GAO: DOD mismanaging contractors
- By Josh Rogin
- Sep 08, 2006
The Defense Department is increasingly reliant on private contracting, but its overworked acquisitions staff is mismanaging contractors, resulting in lost time and money and shortchanging warfighters’ capabilities, according to the Government Accountability Office.
DOD obligations for contract goods and services totaled about $270 billion in fiscal 2005, an 88 percent increase over fiscal 2000. But only 41 percent of DOD contract obligations in fiscal 2005 were awarded using full and open competitions, GAO Comptroller General David Walker testified Sept. 7 before the House Appropriations Committee’s Defense Subcommittee.
“As overall obligations have increased so has [DOD’s] reliance on the private sector to provide services to fulfill DOD’s mission and support its operations,” he said.
DOD failed to properly oversee contracts by appointing performance monitors in more than a third of the cases studied, GAO found. Also, the department routinely paid award incentives without holding contractors accountable for meeting award goals. DOD paid about $8 billion in award fees regardless of contractor performance in the contracts GAO reviewed.
Furthermore, DOD’s acquisition community has skills gaps and serious succession-planning challenges, Walker said. The size of its acquisition workforce has remained constant despite the growing number and complexity of contracts. Downsizing in the 1990s exacerbated the problem, he added.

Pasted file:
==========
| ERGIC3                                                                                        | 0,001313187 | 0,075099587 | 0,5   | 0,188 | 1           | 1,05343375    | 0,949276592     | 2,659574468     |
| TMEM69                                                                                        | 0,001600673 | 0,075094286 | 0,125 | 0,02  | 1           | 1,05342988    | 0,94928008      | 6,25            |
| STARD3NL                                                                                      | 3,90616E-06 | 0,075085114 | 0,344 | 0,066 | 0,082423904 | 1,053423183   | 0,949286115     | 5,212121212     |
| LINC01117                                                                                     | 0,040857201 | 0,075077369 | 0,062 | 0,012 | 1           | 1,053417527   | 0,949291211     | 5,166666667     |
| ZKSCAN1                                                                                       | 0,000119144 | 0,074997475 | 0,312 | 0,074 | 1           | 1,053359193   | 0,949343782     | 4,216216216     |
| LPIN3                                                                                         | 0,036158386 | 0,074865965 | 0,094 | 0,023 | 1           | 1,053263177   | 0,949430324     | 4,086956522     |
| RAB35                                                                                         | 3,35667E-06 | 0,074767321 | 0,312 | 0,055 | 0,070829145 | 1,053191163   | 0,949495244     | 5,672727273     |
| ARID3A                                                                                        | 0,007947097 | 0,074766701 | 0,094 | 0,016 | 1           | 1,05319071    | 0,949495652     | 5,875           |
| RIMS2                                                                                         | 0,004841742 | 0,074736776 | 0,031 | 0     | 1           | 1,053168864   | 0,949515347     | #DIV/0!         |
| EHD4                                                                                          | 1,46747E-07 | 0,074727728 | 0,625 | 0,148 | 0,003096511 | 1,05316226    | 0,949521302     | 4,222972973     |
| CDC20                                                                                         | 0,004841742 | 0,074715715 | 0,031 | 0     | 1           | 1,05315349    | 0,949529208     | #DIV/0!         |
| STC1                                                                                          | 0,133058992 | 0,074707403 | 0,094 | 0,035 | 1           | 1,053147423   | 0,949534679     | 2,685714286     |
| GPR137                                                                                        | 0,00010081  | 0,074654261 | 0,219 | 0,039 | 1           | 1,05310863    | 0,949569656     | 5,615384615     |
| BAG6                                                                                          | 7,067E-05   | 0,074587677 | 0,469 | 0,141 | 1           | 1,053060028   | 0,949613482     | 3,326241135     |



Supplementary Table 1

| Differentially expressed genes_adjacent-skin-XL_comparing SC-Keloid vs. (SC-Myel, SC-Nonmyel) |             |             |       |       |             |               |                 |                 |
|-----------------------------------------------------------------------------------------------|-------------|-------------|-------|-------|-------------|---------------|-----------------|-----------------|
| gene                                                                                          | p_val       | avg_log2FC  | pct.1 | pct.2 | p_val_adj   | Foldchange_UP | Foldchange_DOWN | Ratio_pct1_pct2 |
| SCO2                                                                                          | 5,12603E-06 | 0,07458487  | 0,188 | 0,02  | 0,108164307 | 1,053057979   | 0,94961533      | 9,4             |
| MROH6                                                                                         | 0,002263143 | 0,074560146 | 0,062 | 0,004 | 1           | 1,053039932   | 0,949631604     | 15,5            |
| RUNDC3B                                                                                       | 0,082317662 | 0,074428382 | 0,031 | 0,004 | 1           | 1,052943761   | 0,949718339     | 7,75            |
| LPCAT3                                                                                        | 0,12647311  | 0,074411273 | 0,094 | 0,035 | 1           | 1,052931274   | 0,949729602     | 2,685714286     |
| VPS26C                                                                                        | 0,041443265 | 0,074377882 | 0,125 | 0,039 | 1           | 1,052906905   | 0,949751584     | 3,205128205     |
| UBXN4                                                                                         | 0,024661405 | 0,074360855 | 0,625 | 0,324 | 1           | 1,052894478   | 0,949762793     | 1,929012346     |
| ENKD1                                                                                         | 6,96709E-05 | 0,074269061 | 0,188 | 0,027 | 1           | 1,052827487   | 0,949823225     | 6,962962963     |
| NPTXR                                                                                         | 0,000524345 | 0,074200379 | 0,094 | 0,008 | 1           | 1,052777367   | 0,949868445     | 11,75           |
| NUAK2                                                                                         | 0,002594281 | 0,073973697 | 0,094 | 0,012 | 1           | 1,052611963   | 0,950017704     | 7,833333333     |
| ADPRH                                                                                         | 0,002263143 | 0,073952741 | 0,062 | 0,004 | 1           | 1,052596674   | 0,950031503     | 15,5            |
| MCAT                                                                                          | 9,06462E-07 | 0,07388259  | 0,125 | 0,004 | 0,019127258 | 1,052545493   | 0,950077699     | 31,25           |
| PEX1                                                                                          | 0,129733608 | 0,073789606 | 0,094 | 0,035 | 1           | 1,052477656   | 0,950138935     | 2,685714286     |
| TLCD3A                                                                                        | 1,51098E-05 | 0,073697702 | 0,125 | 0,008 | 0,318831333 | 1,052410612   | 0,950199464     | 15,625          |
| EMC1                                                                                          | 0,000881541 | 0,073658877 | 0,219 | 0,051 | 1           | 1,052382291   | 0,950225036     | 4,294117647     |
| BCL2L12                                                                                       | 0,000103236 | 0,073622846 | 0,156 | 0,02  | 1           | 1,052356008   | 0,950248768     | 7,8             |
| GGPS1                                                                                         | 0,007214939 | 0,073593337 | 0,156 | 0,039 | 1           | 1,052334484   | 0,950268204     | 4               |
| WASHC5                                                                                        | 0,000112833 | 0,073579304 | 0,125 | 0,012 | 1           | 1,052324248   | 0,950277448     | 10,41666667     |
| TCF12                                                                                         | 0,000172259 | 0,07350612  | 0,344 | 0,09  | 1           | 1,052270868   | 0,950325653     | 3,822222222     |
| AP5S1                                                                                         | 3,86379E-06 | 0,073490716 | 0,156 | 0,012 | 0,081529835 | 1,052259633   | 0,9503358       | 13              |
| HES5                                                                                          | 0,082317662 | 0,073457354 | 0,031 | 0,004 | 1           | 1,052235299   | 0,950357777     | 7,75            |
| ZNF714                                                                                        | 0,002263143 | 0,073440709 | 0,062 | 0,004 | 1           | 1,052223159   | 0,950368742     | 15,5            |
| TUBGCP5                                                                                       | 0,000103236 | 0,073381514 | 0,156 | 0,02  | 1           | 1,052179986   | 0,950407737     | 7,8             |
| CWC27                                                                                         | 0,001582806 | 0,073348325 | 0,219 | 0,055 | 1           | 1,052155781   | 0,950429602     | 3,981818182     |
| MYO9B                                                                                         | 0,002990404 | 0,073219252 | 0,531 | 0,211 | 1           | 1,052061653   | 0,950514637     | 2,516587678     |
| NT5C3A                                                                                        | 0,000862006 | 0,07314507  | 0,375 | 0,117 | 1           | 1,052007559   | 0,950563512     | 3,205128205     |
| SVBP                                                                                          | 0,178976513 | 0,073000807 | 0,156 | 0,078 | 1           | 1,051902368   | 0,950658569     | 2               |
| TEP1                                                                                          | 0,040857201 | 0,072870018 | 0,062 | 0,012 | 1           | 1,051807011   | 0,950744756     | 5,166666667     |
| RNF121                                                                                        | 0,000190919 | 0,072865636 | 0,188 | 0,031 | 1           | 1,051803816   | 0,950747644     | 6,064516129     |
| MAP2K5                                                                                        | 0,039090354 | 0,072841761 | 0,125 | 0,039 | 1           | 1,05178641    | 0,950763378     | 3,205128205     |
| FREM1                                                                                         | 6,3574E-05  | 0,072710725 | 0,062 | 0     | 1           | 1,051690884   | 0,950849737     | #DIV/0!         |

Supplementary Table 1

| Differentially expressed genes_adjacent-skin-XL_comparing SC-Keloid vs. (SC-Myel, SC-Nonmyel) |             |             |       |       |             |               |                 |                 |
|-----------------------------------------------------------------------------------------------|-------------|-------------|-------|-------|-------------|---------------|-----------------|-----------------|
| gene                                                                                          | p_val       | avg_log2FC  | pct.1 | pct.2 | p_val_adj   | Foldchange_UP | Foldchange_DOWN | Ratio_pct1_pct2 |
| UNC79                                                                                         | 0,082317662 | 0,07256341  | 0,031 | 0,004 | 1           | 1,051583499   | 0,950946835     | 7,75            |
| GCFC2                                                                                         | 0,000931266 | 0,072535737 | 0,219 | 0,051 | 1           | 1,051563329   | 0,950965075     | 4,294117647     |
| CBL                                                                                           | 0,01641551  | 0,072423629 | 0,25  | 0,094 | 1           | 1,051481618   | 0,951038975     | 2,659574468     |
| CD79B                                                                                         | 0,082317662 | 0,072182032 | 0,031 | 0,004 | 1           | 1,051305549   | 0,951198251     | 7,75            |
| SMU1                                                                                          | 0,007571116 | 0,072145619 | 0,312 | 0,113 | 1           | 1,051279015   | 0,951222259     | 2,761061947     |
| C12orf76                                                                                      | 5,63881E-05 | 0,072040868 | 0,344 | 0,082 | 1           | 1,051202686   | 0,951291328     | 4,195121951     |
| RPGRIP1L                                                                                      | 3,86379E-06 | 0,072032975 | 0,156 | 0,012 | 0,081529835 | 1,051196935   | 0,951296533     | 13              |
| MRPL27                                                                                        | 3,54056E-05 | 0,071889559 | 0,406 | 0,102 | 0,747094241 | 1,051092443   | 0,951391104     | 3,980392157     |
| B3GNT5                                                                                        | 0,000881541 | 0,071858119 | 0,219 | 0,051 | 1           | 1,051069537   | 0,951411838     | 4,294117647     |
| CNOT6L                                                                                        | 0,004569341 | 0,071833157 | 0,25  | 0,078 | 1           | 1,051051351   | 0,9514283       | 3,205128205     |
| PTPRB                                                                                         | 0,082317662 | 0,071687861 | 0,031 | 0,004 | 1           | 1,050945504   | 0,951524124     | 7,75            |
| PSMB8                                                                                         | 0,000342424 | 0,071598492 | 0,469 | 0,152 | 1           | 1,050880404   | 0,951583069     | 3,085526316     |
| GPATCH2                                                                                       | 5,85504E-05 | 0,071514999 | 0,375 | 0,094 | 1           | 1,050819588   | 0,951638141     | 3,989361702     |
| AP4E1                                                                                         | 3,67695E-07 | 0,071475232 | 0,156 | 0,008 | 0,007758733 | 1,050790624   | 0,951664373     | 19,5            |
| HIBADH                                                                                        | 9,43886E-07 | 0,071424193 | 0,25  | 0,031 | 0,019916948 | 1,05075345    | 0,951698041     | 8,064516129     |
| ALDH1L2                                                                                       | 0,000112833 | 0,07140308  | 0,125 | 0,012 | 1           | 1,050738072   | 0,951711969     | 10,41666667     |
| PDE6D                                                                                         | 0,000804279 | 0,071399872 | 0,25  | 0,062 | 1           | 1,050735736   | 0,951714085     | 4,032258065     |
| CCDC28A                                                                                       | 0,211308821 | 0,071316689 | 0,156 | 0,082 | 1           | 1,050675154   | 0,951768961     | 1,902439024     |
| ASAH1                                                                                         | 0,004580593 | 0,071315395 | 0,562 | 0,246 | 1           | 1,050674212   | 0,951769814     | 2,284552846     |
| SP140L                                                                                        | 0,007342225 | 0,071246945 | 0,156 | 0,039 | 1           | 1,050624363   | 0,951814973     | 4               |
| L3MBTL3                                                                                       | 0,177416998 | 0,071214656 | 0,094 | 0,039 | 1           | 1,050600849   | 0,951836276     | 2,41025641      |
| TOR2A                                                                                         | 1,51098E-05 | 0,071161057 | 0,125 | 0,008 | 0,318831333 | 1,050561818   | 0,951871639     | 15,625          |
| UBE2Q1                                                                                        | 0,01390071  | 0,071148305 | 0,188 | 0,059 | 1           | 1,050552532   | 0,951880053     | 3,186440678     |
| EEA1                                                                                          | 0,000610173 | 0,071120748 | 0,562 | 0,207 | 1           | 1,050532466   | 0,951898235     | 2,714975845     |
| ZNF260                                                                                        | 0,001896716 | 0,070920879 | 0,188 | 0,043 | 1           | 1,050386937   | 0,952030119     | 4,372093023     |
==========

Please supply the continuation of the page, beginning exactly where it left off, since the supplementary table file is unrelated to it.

The delayed availability of critical technologies is partly responsible for cost overruns, Walker said. DOD looks to revolutionary solutions, which are often immature, resulting in less capability for warfighters, he said.
The department also allows new requirements to be added in the middle of an acquisition cycle, stretching the technologies and creating design challenges, Walker said.
“DOD is counting on these efforts to fundamentally transform military operations,” Walker testified, but transformational programs are the worst offenders. For example, cost estimates for the Future Combat Systems (FCS) program have risen from $82.6 billion to $127.2 billion, a 54 percent increase.
Only one of 51 critical technologies for FCS reached a high level of technical readiness before the program was advanced to the system design and development phase, said Rep. C.W. Bill Young (R-Fla.), the subcommittee’s chairman.
Congress is obliged to examine huge cost overruns, which increased by $45.7 billion between September and December 2005, Young said. Congressional “support is threatened if we cannot justify the large sums we are providing for contracts and procurements,” he added.
Kenneth Krieg, undersecretary of Defense for acquisition, technology and logistics, said creating a 21st-century acquisitions workforce was his No. 1 goal. The department will also speed technology development by linking it with other DOD processes, Krieg testified.
Among those efforts, the department is experimenting with capability portfolios in the areas of joint command and control, network-centric operations, battlespace awareness, and joint logistics. Those initiatives will allow greater coordination in developing technologies and greater awareness for decision-making, Krieg said.